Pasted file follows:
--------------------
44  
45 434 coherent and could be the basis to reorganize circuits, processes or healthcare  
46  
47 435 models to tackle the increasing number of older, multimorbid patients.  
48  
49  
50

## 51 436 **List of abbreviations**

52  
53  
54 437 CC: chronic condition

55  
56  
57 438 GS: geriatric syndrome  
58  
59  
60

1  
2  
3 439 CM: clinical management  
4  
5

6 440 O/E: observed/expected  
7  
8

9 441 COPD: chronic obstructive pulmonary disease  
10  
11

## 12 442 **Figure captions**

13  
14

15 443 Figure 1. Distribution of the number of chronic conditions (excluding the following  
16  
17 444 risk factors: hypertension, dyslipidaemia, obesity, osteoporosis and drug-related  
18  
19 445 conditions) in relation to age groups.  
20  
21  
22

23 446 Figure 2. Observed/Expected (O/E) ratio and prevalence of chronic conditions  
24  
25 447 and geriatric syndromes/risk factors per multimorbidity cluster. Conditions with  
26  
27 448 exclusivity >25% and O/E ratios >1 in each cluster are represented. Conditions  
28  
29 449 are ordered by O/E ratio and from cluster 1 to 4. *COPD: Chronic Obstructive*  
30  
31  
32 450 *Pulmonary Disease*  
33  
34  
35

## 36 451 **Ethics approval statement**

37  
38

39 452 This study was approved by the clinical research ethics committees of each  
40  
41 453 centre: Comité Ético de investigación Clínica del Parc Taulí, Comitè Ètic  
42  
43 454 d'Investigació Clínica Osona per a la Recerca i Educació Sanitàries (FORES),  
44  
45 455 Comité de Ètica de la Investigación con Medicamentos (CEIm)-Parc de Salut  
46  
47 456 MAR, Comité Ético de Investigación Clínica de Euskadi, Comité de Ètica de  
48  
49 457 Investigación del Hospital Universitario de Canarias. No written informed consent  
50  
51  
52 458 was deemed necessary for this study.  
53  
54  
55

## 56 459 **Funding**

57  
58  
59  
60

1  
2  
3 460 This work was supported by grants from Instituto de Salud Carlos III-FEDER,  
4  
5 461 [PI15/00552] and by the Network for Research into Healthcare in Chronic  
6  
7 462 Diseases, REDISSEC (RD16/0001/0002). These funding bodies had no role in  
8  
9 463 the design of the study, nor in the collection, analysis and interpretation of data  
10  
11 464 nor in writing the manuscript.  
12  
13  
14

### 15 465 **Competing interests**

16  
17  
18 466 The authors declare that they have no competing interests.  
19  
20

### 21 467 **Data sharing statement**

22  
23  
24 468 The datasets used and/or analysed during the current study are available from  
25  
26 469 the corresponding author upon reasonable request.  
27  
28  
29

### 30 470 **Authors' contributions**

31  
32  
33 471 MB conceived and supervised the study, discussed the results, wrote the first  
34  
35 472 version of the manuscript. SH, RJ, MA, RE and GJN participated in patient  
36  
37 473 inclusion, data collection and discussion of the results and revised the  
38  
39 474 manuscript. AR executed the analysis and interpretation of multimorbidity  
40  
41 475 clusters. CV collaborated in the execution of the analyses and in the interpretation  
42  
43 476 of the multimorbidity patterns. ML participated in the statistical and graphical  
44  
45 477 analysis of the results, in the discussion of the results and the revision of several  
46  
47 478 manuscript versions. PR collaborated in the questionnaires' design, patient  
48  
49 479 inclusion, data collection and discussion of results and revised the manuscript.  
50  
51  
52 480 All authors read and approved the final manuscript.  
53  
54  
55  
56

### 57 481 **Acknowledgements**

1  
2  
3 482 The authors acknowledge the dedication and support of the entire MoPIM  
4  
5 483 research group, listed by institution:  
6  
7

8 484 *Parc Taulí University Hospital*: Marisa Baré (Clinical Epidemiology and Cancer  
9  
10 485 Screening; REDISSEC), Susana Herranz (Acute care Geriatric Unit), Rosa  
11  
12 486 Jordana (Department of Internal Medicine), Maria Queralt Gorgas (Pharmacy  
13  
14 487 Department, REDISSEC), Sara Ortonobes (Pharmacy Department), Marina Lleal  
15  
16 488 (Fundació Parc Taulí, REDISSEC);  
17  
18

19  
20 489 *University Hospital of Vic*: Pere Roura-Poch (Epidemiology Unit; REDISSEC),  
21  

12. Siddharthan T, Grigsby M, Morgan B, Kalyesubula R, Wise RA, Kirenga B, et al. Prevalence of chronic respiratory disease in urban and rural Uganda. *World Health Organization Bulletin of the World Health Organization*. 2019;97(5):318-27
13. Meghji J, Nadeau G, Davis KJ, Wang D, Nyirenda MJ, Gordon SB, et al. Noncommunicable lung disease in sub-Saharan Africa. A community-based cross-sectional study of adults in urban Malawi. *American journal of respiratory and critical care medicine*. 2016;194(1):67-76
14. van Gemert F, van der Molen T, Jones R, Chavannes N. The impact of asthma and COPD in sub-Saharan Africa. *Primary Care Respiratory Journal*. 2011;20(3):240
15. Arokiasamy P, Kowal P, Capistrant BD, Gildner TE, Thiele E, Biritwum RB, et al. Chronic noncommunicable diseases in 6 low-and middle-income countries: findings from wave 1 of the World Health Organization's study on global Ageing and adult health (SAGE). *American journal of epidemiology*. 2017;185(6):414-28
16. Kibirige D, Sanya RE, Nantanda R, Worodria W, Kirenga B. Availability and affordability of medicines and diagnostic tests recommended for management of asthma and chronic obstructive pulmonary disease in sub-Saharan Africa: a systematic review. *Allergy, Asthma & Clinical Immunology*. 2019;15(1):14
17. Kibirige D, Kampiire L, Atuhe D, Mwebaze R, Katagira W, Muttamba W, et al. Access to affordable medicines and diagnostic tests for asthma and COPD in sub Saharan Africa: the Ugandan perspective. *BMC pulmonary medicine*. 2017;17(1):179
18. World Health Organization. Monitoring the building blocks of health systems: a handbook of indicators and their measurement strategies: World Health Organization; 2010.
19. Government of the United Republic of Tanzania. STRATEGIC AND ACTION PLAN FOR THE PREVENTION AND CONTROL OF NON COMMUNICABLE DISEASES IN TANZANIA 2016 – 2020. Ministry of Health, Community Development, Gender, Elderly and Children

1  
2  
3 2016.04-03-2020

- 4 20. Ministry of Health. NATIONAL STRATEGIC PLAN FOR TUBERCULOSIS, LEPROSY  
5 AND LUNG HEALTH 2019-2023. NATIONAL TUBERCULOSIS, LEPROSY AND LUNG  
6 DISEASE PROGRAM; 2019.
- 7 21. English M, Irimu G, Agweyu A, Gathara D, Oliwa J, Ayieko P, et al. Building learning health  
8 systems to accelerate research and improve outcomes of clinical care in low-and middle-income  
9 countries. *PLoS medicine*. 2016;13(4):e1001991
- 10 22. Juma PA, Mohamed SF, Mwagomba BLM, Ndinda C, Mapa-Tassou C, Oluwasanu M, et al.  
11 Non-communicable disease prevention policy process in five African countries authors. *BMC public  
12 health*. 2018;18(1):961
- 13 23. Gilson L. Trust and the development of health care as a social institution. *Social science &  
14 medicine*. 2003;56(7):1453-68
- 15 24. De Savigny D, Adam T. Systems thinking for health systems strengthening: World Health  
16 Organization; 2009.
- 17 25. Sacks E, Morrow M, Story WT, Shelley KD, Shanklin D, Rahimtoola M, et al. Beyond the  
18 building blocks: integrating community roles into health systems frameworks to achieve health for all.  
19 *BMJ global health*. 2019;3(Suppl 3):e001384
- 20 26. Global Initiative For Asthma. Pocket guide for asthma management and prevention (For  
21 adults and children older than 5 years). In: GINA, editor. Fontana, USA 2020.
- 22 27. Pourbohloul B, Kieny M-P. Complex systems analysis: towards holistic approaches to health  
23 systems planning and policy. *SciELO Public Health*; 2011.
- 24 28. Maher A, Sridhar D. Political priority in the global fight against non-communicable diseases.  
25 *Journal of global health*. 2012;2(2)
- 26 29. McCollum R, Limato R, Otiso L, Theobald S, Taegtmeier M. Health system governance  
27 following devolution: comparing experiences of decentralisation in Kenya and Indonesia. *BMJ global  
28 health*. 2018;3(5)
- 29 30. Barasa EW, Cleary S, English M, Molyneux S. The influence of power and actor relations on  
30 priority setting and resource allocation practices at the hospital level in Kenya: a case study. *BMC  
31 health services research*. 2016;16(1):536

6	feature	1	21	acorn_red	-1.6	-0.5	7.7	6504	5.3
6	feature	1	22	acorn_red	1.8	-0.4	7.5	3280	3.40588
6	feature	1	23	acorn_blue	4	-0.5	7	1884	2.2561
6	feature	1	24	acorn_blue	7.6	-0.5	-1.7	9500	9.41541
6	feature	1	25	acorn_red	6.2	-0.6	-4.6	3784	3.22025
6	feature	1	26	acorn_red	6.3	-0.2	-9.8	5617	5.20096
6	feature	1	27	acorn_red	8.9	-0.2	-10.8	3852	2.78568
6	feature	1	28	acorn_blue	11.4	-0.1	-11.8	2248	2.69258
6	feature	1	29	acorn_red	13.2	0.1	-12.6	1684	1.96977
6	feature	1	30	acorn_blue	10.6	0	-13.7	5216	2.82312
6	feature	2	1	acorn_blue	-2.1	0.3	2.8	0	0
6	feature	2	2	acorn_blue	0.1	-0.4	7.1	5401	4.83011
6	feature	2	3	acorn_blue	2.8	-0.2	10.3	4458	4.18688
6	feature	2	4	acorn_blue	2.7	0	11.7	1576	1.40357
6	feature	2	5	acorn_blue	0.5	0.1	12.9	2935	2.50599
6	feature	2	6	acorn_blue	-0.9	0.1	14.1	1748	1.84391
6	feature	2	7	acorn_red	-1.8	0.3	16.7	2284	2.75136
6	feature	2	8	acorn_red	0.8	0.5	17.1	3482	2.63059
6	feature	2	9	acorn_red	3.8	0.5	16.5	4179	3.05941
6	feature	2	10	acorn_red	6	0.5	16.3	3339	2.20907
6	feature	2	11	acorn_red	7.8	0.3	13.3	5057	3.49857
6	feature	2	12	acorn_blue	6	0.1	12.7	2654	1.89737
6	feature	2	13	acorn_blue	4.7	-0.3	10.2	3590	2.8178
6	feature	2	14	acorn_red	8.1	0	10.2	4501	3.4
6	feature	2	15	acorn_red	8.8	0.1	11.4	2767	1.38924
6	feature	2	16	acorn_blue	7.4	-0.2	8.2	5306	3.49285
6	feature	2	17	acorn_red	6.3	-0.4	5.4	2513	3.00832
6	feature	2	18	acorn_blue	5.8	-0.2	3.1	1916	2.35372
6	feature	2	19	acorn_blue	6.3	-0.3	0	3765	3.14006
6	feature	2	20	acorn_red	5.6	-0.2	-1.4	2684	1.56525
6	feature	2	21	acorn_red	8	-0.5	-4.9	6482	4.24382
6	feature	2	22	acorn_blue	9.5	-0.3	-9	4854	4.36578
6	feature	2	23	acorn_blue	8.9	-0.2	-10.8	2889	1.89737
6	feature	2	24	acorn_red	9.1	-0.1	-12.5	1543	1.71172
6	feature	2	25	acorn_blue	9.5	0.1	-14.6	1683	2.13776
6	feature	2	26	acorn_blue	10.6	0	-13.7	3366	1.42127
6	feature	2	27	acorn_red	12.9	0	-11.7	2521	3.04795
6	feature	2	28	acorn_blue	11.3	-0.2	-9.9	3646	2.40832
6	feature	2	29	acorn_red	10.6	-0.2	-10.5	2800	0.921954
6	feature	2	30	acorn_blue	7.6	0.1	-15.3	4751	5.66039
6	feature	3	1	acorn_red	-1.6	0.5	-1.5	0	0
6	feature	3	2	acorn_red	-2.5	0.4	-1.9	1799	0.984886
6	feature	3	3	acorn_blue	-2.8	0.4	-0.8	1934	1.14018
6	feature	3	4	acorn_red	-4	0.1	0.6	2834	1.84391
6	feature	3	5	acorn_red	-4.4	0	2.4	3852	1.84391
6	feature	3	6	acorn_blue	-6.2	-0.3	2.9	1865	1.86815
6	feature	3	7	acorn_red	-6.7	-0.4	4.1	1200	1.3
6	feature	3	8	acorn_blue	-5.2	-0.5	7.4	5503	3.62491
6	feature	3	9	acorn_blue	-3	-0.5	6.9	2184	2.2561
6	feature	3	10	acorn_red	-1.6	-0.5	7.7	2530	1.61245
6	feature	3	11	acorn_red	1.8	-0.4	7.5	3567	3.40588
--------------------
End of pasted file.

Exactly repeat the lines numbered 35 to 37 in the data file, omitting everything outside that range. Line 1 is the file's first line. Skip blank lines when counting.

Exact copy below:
18  
19 445 conditions) in relation to age groups.  
20  